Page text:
No products in the cart.
It is recommended for all pregnant women who are Rh- to get a Rhogam vaccine during the second trimester of pregnancy and after birth. The reason they recommend it is if your blood happens to mix with the newborn’s blood, which may be Rh+ blood type, your body will build antibodies against (+) blood and may be a problem for future pregnancies. There are several things to consider when deciding whether or not to do this vaccine. One must look at the father’s blood type to see if he too is Rh- because then it is not necessary. Also look at the number of pregnancies, the quality of the pre-natal care, the type of birth previously had whether in the hospital, home-birth, natural or medically assisted, c-section delivery or other medical interventions performed in previous pregnancies. Also, the use of Rhogam during pregnancy has not been studies long-term and has only been done since the 1980’s. One must consider the vaccine ingredients the unborn baby will be exposed to. Although most physicians say the vaccine is safe, I encourage carefully examining all options and also read the package insert that comes with the vaccine. Make an informed decision.
What is the Issue
There are four main blood types. Each of the four blood types is additionally classified according to the presence of another protein on the surface of RBCs that indicates the Rh factor. If you carry this protein, you are referred to as Rh+ (positive). You are called Rh- (negative) if you do not carry this protein. Majority of people are Rh+. If a man is Rh+ and a woman is Rh- and they make a baby, there is a 50/50 chance the baby will be Rh+. Problems may arise when the blood mixes during labor or delivery for the next pregnancy. Rh incompatibility usually isn’t a problem with mother’s first pregnancy because, unless there’s some sort of abnormality, the fetus’s blood does not normally enter the mother’s circulatory system during the course of the pregnancy. This can happened however if the pregnant mother is in an accident and experiences trauma to the abdomen area. With natural vaginal birth, blood does not normally mix. With a hospital birth, the following medical interventions can cause mixing of the blood, setting the stage for problems with the next pregnancy:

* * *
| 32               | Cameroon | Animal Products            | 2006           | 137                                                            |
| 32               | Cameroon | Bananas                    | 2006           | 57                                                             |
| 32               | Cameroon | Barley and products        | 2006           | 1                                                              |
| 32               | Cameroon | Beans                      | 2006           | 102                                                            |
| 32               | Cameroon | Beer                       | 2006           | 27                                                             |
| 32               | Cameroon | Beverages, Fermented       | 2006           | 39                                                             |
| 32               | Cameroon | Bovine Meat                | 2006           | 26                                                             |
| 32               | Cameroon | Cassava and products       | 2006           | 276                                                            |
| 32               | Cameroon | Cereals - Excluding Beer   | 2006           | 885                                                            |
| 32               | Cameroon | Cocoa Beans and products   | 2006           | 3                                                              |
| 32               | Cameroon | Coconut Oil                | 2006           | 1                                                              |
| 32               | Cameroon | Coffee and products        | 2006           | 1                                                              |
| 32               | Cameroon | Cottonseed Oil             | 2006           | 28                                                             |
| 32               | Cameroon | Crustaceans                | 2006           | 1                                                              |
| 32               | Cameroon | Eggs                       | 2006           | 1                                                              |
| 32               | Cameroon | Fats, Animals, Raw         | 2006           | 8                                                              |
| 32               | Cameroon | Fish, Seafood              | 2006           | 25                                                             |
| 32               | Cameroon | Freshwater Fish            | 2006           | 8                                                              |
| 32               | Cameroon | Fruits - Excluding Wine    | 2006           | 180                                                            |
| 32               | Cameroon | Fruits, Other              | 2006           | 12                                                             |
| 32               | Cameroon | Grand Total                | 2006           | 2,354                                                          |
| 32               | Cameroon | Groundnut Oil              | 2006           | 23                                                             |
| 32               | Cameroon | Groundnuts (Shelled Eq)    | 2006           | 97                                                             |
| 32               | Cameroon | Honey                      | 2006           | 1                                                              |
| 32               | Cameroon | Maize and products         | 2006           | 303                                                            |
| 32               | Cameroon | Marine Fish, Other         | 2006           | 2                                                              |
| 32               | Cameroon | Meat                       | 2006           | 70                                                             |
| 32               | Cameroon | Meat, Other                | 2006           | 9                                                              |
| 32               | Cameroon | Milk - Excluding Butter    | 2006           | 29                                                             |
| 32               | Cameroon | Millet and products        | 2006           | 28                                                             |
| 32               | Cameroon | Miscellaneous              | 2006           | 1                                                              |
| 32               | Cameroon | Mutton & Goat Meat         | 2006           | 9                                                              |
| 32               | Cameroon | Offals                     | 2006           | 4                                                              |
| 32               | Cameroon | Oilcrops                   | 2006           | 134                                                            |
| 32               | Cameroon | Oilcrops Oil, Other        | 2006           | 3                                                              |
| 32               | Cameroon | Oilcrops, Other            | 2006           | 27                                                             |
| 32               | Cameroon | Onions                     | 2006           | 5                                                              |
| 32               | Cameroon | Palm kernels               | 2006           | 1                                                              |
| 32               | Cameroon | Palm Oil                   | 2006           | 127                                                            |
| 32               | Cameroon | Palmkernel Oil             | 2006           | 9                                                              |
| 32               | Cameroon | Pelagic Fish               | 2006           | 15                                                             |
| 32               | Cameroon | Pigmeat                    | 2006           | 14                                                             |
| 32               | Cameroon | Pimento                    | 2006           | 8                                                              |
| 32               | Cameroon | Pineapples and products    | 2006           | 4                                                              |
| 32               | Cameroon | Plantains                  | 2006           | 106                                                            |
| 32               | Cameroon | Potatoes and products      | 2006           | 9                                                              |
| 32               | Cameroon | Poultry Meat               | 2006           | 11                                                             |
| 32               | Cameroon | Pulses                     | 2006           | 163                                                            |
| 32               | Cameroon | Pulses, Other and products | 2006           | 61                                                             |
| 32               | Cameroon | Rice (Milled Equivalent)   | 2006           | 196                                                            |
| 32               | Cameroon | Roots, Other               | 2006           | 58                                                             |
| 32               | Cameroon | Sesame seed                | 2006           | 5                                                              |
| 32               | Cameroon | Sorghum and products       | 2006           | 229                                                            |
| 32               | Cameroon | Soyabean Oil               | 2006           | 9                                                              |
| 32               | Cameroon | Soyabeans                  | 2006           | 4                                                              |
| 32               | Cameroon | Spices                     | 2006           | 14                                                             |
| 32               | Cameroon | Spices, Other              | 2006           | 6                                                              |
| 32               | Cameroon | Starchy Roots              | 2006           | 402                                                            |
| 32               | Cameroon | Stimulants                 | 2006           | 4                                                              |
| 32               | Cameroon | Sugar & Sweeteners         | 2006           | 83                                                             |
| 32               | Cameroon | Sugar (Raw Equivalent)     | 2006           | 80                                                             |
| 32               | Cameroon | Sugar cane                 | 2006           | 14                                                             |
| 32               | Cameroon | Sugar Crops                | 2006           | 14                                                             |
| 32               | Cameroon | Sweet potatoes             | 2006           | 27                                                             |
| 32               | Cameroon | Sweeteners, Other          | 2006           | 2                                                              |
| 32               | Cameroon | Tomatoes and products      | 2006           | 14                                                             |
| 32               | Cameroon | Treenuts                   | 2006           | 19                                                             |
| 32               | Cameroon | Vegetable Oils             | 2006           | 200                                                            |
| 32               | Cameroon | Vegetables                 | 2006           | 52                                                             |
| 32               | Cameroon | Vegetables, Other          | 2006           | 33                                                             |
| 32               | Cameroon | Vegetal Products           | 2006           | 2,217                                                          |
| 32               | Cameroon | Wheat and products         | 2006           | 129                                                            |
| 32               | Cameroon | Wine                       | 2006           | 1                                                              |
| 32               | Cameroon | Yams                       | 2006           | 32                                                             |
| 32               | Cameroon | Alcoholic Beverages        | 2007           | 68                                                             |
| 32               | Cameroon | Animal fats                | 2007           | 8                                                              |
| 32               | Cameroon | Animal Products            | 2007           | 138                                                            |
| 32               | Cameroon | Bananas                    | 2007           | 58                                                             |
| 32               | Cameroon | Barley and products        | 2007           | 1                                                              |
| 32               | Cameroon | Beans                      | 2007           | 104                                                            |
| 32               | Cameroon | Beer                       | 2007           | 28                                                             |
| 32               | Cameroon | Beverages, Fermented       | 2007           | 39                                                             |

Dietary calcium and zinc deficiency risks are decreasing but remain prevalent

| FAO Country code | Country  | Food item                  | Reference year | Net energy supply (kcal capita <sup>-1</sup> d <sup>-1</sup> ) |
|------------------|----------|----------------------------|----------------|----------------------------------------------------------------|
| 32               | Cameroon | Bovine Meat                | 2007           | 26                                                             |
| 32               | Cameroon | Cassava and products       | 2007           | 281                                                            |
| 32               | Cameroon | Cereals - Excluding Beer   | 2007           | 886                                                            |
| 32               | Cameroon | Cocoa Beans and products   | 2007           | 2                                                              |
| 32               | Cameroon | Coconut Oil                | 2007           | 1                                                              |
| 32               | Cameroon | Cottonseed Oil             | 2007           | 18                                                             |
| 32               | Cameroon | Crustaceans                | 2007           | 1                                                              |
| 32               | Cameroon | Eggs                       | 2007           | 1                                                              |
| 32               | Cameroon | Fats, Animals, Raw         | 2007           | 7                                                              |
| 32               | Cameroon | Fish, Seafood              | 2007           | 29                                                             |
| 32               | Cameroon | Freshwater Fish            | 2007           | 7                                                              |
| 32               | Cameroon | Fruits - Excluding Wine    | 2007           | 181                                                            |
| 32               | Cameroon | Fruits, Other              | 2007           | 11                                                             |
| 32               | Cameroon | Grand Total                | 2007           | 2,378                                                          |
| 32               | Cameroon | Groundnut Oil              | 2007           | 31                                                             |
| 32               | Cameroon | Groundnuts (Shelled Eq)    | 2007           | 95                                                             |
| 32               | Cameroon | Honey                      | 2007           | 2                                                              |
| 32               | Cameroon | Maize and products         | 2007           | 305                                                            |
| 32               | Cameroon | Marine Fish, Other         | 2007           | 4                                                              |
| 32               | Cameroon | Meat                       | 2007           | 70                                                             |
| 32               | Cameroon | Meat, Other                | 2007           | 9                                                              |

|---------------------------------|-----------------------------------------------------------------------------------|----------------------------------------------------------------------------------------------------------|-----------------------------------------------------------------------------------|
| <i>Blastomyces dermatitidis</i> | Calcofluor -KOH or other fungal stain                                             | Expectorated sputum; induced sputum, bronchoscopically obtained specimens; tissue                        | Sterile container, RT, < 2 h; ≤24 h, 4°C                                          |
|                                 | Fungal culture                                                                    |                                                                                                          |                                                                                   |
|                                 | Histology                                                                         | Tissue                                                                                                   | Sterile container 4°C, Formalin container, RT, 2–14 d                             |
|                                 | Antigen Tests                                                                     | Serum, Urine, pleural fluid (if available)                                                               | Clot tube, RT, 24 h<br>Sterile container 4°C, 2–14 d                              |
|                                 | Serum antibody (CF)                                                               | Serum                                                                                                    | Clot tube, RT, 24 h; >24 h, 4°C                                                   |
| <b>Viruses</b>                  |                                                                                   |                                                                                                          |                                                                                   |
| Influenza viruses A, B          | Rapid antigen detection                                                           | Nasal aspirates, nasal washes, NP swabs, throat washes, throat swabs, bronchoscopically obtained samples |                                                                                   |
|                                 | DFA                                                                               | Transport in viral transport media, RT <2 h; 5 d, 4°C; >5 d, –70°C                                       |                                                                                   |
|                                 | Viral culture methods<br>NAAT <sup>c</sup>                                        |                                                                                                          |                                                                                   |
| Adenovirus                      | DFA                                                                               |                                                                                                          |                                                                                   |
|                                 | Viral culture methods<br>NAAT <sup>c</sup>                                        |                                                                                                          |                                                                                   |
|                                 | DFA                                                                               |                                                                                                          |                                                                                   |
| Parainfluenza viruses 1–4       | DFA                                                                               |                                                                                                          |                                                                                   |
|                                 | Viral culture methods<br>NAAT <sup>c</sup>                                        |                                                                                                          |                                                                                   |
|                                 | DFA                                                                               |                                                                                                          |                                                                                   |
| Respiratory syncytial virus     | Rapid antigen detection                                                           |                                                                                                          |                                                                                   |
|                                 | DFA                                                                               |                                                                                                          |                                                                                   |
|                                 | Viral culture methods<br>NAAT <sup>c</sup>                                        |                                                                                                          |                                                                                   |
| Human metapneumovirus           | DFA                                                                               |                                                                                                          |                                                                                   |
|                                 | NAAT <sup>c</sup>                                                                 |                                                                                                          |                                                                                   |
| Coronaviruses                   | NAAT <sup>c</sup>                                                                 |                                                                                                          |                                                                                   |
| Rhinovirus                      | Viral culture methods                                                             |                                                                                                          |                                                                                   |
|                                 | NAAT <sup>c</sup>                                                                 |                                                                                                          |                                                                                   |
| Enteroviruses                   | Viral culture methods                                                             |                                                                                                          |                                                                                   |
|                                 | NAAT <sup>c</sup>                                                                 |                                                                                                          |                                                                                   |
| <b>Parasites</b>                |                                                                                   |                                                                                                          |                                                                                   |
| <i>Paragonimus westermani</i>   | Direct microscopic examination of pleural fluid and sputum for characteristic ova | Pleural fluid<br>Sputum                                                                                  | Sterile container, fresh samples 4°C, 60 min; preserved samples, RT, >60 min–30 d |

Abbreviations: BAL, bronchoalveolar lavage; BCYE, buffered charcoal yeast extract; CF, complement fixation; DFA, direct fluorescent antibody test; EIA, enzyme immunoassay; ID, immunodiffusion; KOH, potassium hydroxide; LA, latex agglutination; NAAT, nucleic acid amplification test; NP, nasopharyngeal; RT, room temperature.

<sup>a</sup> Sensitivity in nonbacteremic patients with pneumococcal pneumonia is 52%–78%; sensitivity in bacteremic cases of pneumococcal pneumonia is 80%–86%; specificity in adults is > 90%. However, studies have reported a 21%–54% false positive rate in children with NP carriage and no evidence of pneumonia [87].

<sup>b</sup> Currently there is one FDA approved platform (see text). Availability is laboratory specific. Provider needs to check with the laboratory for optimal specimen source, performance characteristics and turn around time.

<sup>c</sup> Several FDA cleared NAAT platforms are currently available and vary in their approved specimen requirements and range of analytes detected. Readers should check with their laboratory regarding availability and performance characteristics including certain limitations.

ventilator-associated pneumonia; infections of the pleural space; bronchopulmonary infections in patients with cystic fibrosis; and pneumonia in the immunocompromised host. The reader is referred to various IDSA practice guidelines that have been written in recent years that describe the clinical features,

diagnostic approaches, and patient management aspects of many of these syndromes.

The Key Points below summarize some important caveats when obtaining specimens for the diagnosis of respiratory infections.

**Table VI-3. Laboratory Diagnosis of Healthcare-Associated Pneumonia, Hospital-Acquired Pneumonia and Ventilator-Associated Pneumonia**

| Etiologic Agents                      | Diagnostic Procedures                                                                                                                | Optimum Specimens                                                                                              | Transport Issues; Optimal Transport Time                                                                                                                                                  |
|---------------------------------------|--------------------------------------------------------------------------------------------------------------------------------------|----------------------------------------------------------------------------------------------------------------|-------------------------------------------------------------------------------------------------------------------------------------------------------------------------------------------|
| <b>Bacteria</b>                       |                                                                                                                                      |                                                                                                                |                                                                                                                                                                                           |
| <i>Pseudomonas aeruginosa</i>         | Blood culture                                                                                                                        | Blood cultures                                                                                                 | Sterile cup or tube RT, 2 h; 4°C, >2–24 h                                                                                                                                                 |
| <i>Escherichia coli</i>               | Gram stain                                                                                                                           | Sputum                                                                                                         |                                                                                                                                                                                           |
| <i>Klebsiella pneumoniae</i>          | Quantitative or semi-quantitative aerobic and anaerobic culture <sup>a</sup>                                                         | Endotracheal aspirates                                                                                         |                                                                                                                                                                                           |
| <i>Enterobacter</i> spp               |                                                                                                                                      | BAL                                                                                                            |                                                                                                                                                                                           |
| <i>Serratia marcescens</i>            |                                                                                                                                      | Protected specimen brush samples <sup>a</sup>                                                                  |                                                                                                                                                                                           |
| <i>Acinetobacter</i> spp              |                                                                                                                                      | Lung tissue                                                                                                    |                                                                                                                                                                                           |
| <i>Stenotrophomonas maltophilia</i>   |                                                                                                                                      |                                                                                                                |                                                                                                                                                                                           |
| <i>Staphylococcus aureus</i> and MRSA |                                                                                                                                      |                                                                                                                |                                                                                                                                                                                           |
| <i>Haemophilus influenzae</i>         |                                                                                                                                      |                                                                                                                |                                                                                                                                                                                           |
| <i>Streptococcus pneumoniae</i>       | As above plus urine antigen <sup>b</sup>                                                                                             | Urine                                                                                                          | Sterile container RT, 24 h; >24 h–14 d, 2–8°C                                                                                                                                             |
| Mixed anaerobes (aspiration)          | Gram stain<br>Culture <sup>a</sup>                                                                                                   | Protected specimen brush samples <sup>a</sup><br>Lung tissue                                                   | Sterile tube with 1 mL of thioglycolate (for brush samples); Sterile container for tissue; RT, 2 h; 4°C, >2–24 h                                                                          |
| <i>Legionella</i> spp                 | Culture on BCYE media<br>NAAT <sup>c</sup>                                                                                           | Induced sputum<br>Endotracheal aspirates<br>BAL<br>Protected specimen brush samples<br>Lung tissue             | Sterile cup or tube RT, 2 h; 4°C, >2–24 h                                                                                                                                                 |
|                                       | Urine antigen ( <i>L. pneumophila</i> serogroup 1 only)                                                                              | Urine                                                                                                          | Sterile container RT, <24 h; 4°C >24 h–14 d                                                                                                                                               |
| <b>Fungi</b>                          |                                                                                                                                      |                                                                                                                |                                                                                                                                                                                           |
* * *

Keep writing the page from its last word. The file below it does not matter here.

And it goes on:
- Episiotomy- the practice of cutting the mother while on labor to speed up delivery. It is a surgically planned incision on the perineum and the posterior vaginal wall during second stage of labor. This unnecessary surgery will open up mother’s skin and she will bleed. Most are done for convenience for the doctor or when baby is showing stress. Then when the umbilical cord is cut, blood can mix.
- C-sections- A planned surgery where they make an incision through the abdomen and the uterus to get a child out. There is the possibility of blood mixing during this delivery.
- Premature cord cutting- It is known that after birth it takes a few minutes for the placenta to pump all the blood into the newborn. In hospitals, they often cut the cord before it is done pulsing. This is another way the blood can mix.
- Placenta Previa- when the placenta begins to separate from the mother prematurely. This results in medical intervention which will increase the chances of the baby’s blood mixing with mothers.
- Blood transfusions with Rh+ blood or miscarriages
Testing for Sensitivity
You can get a test in the early stages of pregnancy to see if you are Rh-sensitized, showing if your body is responding to the baby with Rh+ blood. If mother and baby’s blood intermingles, the mother’s body recognizes the Rh protein as a foreign substance and can begin producing antibodies (protein molecules in the immune system that recognize, and later work to destroy, foreign substances) against the Rh proteins introduced into her blood. If you show that you are not sensitive, there is no reason for worry. If you are Rh sensitized, your body has made antibodies against the (+) blood because they are foreign to your own. Your immune system keeps the antibodies in case the foreign cells appear again, even in a future pregnancy. This may cause concern for the unborn baby. After the birth, you can have the baby’s blood type done and again, you can re-test for any sensitivity. If the baby is Rh-, there is no reason for concern. If there is sensitivity, you may consider the RhoGam vaccine for future pregnancies.